1966 Chevrolet Corvette: On Driving Tastefully (For the First Time)
July 20, 2015
Two weeks ago, Travis and I took our 1966 Chevrolet Corvette on the Petrolicious Drive Tastefully rally. It wasn?t a competitive event, but instead a cruise with an eclectic group of cool, mostly European, cars. It was also my first time behind the wheel of our Corvette and I approached the experience with the trepidation of driving an old car for the first time on minimal sleep and not enough coffee.
We leave in the early morning for the meeting point, a parking lot by the ocean in Malibu. The Corvette is nice and warm, and its side pipes sound glorious against the freeway barriers in the morning light.
The speedo bears little relationship to the Corvette's actual speed. Fortunately Travis has been using a GPS app on his iPhone and has a few reference points based on gear and rpm. The tach's 500-rpm margin of error means they're rough reference points, but anywhere between 3000-3500 rpm in fourth gear means about 70 mph. Good enough.
We park, down some coffee, and watch the cars roll in. The breadth includes a small army of 911s of varying vintage and preparedness, to a grouping of Alfa Romeos and Triumphs. I love the Benzes, from the 300SL Roadster to the 6.9 SEL and 16-valve 190E. I keep ogling a Porsche 356, but then the matching yellow Ferrari 250 Lusso and Dino steal my attention.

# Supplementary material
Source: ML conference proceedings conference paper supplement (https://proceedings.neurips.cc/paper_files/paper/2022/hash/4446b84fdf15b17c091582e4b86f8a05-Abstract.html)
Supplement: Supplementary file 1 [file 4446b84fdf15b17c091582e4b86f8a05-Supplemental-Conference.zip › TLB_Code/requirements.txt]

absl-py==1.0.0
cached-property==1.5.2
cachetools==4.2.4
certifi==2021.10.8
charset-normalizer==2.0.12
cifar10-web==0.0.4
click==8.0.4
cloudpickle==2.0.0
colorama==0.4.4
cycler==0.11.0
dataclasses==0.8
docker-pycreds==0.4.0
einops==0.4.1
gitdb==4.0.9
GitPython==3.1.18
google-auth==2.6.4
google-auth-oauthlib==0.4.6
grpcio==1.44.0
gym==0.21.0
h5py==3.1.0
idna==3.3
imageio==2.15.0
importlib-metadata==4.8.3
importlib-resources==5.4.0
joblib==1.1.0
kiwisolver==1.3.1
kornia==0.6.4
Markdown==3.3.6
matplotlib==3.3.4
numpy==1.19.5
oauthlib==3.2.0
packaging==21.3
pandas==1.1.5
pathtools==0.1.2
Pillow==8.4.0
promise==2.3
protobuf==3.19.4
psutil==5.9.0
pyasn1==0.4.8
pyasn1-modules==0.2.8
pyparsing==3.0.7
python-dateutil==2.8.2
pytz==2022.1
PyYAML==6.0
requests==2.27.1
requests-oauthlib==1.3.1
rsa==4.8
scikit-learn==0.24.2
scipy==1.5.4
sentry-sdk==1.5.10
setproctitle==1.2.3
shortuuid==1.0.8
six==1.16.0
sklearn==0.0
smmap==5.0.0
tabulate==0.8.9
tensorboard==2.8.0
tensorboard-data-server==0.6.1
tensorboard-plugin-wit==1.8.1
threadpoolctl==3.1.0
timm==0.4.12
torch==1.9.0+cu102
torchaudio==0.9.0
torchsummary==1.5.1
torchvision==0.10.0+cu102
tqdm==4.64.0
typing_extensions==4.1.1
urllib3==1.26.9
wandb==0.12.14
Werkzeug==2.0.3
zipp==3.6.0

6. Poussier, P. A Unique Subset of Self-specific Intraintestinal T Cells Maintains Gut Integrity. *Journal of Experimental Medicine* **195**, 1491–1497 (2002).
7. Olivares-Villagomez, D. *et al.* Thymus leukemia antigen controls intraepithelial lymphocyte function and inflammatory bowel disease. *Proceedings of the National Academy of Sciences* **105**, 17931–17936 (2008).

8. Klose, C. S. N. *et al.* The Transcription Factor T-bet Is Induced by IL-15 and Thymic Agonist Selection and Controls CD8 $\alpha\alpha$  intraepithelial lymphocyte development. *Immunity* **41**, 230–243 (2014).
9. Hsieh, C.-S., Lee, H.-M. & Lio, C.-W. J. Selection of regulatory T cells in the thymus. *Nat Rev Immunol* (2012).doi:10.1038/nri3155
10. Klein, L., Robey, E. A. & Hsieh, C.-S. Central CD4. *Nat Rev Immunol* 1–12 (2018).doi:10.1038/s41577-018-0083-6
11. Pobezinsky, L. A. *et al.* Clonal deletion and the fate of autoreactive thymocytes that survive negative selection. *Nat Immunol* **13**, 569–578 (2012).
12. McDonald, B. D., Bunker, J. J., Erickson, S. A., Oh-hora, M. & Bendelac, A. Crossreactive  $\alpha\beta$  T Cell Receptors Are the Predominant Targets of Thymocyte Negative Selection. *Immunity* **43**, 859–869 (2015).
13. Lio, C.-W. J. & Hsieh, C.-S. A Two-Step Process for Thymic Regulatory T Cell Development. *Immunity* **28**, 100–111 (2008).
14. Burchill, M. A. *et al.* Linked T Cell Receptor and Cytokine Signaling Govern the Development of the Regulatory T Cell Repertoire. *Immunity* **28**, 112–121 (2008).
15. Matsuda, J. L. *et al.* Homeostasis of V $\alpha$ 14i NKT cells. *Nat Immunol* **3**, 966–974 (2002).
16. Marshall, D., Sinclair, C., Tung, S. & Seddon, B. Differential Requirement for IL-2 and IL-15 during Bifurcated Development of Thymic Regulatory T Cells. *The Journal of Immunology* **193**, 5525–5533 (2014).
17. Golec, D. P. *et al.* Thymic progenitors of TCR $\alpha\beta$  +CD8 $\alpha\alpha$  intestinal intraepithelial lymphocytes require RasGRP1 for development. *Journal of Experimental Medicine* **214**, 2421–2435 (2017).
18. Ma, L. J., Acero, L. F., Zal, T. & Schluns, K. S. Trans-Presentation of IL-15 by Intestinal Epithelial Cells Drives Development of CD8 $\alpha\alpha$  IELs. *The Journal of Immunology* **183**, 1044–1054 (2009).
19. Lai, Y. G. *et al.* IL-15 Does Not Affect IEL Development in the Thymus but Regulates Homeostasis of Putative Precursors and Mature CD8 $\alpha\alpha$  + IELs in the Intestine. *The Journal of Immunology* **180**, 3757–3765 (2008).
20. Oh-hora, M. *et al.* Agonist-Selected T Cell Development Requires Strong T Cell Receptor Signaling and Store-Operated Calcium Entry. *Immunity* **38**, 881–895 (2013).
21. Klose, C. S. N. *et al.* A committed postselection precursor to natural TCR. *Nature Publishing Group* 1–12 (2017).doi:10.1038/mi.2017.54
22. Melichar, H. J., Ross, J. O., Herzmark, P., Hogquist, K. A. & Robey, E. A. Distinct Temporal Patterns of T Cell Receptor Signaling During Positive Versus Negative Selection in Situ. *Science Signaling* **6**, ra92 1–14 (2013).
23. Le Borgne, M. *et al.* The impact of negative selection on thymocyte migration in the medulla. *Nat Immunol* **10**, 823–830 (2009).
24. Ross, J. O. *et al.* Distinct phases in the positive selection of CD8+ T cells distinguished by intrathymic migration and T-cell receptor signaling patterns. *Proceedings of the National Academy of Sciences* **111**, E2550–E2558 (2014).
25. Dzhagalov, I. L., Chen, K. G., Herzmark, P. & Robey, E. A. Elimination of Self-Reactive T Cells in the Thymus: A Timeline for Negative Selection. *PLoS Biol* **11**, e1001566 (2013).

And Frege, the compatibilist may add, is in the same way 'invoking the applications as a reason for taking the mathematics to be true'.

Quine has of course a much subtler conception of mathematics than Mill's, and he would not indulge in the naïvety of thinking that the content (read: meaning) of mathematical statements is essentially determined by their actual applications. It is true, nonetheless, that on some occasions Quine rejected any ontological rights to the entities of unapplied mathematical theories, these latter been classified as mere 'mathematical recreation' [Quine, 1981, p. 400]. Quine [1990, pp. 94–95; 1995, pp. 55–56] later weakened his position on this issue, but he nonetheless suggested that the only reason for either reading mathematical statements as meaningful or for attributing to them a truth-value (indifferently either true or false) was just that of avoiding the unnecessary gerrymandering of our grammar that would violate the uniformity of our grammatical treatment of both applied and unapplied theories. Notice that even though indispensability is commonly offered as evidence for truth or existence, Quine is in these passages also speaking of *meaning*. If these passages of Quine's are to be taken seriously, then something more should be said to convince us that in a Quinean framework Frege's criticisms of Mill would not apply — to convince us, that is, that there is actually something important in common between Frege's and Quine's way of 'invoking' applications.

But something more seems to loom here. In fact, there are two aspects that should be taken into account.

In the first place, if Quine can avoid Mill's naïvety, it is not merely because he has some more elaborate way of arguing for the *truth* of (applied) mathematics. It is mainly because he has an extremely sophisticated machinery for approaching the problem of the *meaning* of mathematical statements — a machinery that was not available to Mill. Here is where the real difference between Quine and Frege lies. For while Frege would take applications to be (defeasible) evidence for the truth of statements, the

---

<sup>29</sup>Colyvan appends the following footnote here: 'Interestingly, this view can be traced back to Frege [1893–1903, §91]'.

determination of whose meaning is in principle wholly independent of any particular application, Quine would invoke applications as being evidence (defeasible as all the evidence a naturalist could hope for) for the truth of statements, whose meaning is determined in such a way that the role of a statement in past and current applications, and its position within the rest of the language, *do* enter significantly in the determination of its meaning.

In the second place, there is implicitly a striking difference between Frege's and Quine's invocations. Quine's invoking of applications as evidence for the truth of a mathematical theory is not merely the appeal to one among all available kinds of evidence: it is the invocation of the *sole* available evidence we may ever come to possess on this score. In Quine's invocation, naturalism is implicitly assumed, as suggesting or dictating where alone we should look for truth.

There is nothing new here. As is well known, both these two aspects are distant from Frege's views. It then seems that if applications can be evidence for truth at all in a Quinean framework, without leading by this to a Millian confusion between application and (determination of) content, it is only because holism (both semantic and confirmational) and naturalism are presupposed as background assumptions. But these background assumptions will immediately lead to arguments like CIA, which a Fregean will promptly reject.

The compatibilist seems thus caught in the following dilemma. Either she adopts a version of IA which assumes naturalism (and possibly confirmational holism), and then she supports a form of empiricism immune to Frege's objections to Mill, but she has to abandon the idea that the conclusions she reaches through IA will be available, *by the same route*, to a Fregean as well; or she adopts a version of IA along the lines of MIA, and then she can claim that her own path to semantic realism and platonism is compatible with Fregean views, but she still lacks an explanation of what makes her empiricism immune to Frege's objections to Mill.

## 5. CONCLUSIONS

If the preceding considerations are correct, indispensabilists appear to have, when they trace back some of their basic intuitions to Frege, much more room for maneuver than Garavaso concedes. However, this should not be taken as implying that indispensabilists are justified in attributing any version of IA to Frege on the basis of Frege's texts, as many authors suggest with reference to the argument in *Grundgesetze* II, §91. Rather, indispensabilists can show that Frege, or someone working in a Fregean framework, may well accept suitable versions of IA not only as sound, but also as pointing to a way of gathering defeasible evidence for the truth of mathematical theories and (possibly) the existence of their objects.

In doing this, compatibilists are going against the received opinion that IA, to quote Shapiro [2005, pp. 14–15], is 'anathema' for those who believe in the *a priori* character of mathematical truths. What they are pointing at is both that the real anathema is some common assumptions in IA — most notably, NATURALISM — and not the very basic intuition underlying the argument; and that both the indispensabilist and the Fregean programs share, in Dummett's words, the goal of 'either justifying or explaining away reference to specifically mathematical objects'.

Travis takes the wheel on the first leg, and we fall in with a small group of Americans: A C3 Corvette, a first-gen Camaro and Mustang, a Pontiac LeMans, and so on. We lumber on the route, leaving a breadcrumb trail of small, broken Italian and British cars on the side of the road. We wind through the Malibu hills to Paramount Ranch for a driver swap. Parked with the other domestics, I try to avoid making "Team America" jokes.
Now fully awake, I hop in the driver's seat and take us to Barker Hangar at the Santa Monica airport for lunch. Our Corvette is a simple car, but has no shortage of quirks. The bias-ply tires squirm ever so slightly when pressed upon, and they squeal when they touch paint. Both the steering and the tires wander a bit, but the car is easy to control. The Corvette's narrow width gives you some freedom to wander in your lane and shortly the intimidation fades away.
Clutch engagement is high on the pedal, but it has enough feel to get you off the line smoothly. The shifter moves easily from gate to gate. It doesn't have a lot of definition from gear to gear, but it's fine so long as you trust your throws. Revs fall quick when you clutch in, meaning you either have to rush the shifter into the next gear or bark the throttle to land the next gear. I bark the throttle. Constantly.
The 327 produces more volume than acceleration, but the timbre is so sweet it doesn't matter. The sound is deep, unmistakable Chevy small-block, and it has this sweetness in the high revs that makes you want stay in the lower gears. It makes you proud.
Outside of the warm transmission tunnel, I have a hard time chasing down similarities of character between this and its descendant. The new Corvette shares the name and layout, but so much has changed in the past 50 years, it's hard to find a trace of the new car here.
It makes you wonder about what it was like to own this Corvette back in '66. We're enjoying it now because it's a time capsule. Back then it was just a cool car. But the longer I drive this Corvette, I'm more proud of what it represented than what it represents now.
Or that just might be the exhaust fumes talking.
More photos of the event here, as well as in one of Travis's upcoming posts.
Carlos Lago, Road Test Editor